A novel way to measure time using Rydberg states

A novel way to measure time
(a) Experimental photoelectron yield map as a function of the delay between XUV and NIR pulses. (b) Simulated photoelectron yield map using 24.587 eV XUV central energy and 0.09433 eV XUV bandwidth. Credit: Physical Review Research (2022). DOI: 10.1103/PhysRevResearch.4.043041

A team of researchers working at the University of Uppsala in Sweden has discovered a novel way to measure time. They published their work in the journal Physical Review Letters.

Up until now, the means for measuring the passage of time has involved counting some predefined measurement unit from one point in time to another—for example, counting the seconds that pass as a person runs. Such a means of measuring time is the method used by traditional clocks and also by . In this new effort the researchers have found a way to measure the passage of time in a whole different way—by using the wave-like nature of Rydberg states.

Rydberg atoms are atoms that have been shot with lasers to push their electrons to extremely high energy states, which also pushes the electrons farther away from the nucleus. The way that the move is described as their Rydberg state and the mathematical way that they are characterized is known as their .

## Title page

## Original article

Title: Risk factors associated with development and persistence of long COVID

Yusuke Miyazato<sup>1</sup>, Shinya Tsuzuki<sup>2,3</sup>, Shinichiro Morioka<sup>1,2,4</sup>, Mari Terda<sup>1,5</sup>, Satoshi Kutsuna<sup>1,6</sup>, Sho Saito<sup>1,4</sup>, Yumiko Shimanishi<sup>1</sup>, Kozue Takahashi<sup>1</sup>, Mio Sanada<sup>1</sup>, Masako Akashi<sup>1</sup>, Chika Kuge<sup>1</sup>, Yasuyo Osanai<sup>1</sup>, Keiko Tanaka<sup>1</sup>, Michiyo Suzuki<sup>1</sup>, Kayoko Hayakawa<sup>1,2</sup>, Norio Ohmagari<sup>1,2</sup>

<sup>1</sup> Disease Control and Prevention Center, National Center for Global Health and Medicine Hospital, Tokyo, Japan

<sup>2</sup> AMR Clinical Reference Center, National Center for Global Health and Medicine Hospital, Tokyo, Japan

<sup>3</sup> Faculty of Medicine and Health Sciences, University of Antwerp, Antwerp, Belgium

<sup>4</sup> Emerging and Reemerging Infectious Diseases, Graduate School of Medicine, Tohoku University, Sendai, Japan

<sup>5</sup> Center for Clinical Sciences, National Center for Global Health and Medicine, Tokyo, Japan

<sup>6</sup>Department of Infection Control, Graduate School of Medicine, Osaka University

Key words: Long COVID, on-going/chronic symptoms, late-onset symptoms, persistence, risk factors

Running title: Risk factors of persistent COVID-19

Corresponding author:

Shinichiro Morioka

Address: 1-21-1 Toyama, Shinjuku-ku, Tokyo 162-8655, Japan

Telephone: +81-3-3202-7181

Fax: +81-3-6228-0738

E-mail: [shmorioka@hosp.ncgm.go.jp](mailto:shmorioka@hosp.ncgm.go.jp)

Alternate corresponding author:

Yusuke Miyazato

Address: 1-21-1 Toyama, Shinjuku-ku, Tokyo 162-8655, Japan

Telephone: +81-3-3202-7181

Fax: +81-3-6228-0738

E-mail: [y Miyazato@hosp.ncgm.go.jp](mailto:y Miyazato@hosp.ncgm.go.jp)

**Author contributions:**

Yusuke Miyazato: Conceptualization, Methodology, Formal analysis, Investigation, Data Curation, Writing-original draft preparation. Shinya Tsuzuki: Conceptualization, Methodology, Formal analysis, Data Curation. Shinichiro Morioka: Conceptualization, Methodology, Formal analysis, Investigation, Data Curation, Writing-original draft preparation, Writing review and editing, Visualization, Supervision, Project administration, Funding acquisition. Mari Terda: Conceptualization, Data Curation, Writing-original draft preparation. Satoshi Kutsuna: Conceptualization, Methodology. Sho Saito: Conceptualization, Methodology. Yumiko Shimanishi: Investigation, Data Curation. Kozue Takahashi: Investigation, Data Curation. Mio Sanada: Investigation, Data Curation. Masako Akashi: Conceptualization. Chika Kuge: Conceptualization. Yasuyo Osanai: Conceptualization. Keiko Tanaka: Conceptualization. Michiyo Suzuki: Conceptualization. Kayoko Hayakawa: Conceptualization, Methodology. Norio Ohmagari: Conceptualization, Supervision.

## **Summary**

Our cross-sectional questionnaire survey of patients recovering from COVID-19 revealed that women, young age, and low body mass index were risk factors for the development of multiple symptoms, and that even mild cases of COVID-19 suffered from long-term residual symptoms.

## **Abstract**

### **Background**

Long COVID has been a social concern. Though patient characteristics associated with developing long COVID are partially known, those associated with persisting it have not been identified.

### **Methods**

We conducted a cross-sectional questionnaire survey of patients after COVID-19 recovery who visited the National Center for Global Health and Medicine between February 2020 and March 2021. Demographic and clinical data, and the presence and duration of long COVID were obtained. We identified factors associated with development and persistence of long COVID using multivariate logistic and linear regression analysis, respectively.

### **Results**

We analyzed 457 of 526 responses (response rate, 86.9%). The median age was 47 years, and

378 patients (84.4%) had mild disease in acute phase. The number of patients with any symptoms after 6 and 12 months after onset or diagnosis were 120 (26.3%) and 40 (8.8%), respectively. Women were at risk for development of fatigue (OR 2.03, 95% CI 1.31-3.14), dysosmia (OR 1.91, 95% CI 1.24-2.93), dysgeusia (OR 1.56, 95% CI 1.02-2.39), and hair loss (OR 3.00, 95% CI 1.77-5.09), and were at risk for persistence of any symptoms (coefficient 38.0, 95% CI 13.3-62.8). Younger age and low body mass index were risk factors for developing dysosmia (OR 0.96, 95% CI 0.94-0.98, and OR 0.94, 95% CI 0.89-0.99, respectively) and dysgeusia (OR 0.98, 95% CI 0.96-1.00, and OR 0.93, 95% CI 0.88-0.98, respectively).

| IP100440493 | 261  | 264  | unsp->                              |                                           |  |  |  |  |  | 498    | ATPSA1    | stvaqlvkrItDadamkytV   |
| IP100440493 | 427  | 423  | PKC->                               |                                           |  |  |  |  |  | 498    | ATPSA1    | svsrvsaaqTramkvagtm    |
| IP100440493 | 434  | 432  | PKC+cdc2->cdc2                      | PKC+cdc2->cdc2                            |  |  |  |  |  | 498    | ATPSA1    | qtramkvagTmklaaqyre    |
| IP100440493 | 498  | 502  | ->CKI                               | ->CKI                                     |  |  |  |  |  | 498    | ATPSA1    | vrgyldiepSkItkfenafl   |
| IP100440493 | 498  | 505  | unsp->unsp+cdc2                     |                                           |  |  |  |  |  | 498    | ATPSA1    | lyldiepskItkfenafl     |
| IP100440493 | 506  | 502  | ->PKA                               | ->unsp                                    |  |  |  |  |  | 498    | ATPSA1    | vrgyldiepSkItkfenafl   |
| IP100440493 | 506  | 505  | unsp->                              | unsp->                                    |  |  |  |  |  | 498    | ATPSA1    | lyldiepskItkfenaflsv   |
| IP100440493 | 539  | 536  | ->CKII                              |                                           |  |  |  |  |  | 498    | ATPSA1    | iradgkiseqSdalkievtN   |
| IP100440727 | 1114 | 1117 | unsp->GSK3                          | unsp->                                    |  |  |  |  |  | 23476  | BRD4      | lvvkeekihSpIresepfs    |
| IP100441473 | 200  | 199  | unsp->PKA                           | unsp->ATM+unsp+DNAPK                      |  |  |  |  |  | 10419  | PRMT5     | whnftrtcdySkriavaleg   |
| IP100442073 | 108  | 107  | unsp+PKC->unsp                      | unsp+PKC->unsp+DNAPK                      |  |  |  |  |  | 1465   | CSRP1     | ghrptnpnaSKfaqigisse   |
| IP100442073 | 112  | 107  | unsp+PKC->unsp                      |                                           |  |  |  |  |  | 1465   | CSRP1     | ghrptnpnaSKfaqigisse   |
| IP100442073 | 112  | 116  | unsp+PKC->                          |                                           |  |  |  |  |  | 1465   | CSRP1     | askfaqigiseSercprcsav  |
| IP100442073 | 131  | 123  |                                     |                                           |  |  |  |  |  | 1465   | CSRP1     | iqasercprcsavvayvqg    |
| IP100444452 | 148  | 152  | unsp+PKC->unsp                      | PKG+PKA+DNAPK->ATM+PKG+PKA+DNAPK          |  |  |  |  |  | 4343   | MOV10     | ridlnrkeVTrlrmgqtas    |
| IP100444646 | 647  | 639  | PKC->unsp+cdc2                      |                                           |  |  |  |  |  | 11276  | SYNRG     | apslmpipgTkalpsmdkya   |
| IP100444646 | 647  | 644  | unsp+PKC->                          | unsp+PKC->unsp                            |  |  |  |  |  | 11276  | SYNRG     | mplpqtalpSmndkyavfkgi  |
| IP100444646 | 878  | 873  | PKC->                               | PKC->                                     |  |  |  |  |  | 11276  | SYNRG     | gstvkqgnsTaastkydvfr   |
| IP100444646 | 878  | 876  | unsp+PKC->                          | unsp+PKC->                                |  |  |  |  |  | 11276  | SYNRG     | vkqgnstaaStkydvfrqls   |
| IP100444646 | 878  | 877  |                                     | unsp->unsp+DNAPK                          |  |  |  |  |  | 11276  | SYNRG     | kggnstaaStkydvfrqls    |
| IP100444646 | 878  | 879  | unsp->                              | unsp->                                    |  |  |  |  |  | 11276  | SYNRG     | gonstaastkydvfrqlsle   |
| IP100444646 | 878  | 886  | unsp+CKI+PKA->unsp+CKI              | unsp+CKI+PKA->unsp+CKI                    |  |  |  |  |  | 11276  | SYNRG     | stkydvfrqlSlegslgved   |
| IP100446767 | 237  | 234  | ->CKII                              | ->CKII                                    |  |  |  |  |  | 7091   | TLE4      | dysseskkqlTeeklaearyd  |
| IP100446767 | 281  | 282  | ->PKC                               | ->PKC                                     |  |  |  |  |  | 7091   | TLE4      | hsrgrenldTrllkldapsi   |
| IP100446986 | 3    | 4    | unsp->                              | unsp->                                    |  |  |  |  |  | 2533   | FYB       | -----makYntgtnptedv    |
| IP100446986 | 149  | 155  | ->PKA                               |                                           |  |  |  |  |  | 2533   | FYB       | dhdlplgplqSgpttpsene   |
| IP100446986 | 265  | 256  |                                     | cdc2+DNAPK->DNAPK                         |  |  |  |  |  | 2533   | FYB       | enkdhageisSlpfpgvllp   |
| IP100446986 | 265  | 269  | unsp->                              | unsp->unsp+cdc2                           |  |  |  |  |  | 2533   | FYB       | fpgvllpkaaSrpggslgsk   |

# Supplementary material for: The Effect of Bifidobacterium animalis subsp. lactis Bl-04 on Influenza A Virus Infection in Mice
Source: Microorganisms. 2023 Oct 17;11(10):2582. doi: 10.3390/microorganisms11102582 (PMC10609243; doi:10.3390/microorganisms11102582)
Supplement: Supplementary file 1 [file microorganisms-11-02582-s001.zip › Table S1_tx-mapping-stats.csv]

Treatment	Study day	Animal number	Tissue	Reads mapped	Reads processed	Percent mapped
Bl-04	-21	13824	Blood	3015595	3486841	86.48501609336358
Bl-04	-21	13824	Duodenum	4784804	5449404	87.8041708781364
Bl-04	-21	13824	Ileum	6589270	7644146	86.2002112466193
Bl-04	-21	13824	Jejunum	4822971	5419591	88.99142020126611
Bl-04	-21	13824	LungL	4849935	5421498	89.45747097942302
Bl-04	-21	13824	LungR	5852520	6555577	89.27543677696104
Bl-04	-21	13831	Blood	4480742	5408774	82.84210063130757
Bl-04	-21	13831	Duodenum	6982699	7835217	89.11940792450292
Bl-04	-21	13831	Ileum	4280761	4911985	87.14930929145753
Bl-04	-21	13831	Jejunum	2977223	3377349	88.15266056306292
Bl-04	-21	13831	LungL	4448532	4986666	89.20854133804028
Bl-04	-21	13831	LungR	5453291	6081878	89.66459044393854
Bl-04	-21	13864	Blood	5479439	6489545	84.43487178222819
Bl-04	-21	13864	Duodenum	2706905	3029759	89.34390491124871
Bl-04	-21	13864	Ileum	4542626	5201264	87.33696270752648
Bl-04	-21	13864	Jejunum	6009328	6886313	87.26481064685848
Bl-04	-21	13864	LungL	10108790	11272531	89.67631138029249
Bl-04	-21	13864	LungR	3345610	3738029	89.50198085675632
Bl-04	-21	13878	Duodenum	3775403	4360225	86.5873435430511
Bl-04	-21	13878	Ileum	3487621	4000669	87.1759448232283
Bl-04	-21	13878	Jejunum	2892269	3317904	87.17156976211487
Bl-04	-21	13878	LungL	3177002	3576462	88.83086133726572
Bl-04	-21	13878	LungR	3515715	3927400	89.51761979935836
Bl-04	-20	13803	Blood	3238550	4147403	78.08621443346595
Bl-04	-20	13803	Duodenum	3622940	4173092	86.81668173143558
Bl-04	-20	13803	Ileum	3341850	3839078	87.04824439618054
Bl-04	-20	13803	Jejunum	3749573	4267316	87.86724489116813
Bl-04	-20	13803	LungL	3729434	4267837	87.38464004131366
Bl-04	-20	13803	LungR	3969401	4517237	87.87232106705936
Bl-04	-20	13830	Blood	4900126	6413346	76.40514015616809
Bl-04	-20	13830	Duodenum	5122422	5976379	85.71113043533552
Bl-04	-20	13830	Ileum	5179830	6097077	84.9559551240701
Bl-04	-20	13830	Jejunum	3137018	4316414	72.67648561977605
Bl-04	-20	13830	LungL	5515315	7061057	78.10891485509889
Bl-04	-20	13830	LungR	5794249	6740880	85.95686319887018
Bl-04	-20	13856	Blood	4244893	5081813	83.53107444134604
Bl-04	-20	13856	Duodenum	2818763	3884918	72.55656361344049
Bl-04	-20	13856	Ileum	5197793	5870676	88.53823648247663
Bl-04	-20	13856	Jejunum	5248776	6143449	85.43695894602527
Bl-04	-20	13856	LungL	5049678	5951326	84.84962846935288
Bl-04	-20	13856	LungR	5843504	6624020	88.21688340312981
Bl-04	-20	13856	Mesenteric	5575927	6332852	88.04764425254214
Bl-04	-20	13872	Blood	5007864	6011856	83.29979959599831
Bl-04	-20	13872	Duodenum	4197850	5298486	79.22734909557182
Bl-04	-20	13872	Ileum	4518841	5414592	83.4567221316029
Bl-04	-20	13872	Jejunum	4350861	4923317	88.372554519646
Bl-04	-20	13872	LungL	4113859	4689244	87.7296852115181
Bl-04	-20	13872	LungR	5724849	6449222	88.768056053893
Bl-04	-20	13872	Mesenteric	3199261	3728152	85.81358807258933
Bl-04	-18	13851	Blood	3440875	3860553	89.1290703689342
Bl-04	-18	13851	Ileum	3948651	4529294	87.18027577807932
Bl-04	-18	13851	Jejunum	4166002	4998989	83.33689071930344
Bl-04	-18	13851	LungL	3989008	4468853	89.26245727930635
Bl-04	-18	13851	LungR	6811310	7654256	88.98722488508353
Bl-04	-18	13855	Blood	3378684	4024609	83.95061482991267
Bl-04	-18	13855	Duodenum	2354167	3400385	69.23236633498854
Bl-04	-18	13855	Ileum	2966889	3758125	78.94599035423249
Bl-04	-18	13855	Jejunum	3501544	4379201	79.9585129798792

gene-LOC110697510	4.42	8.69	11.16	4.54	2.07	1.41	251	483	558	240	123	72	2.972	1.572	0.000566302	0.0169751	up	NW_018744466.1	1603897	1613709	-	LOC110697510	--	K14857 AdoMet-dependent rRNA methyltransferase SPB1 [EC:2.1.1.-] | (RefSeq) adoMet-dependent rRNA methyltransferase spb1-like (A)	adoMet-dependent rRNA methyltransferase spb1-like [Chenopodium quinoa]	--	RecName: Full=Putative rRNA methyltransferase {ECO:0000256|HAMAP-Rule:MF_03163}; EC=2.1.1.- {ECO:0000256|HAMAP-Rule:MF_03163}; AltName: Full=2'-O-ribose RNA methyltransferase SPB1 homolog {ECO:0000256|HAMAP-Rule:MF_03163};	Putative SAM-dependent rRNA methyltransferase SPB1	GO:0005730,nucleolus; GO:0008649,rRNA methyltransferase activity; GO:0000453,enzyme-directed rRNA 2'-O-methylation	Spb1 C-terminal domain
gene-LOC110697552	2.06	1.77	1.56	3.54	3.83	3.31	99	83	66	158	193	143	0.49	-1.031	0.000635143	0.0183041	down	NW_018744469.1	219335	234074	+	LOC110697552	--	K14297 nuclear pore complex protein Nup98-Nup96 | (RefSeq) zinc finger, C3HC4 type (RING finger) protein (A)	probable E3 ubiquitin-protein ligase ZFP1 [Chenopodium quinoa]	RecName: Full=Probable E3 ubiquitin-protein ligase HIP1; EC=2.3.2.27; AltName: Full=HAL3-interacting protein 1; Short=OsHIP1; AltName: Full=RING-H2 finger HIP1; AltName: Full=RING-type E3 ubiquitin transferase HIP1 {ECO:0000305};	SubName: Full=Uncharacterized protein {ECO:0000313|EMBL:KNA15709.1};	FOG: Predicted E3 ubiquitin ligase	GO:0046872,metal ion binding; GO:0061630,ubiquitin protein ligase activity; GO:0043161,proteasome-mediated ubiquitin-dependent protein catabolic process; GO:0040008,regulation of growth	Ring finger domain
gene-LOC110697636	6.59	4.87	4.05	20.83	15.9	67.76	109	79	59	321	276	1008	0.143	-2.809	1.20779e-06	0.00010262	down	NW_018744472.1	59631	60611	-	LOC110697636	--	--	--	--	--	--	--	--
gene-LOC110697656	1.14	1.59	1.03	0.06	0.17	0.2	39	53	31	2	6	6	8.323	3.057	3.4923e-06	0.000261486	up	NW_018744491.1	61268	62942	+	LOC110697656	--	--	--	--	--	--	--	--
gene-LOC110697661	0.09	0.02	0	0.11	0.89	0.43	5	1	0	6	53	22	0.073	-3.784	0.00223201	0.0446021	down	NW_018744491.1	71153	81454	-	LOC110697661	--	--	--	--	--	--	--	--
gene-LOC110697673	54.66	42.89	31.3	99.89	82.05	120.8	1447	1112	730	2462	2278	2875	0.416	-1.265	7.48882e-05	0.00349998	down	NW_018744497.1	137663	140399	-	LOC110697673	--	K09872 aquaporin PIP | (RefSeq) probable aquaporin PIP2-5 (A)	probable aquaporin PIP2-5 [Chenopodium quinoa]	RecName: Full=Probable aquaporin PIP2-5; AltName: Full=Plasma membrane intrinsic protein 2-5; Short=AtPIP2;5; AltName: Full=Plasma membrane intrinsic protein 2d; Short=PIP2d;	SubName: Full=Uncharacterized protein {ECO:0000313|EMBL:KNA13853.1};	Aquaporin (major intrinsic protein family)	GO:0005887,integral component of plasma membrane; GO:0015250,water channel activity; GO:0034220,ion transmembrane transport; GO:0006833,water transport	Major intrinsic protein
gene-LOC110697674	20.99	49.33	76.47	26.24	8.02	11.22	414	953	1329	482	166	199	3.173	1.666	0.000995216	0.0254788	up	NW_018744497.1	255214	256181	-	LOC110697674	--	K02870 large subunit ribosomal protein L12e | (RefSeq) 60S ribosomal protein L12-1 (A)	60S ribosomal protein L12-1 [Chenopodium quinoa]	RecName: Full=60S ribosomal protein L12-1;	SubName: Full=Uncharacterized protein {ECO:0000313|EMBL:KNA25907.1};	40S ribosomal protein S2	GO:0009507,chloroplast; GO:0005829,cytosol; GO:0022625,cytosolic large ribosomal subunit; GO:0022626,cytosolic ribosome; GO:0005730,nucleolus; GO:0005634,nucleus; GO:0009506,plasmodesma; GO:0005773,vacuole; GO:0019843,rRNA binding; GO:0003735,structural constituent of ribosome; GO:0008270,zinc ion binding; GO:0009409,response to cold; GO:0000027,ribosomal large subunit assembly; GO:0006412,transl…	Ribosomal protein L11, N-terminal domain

Prior research has shown that when Rydberg wave packets encounter others of their kind, interference can occur. And when that happens, unique ripple patterns can arise. And, the researchers in this new effort note, if you have multiple wave packets moving around in the same quantum "pond," you get a lot of different types of interference with a lot of uniquely evolving patterns. And, they further noted, each unique pattern represents the unique amount of time it took to evolve compared with all the others in the vicinity. And that means they can be used as time stamps.

The researchers conducted a series of experiments that involved testing these time stamps to see if they could be used as a new way to measure time. Each involved exciting helium with a laser pulse along with short pulses of ultraviolet light allowing the spectrum to be measured. They found that their "watch" as they called it could be run in a way that allowed measurements up to 81 picoseconds and that it had errors no larger than eight femtoseconds.

More information: Marta Berholts et al, Quantum watch and its intrinsic proof of accuracy, Physical Review Research (2022). DOI: 10.1103/PhysRevResearch.4.043041

Journal information: Physical Review Letters

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Citation: A novel way to measure time using Rydberg states (2022, October 31) retrieved 19 June 2024 from https://phys.org/news/2022-10-rydberg-states.html
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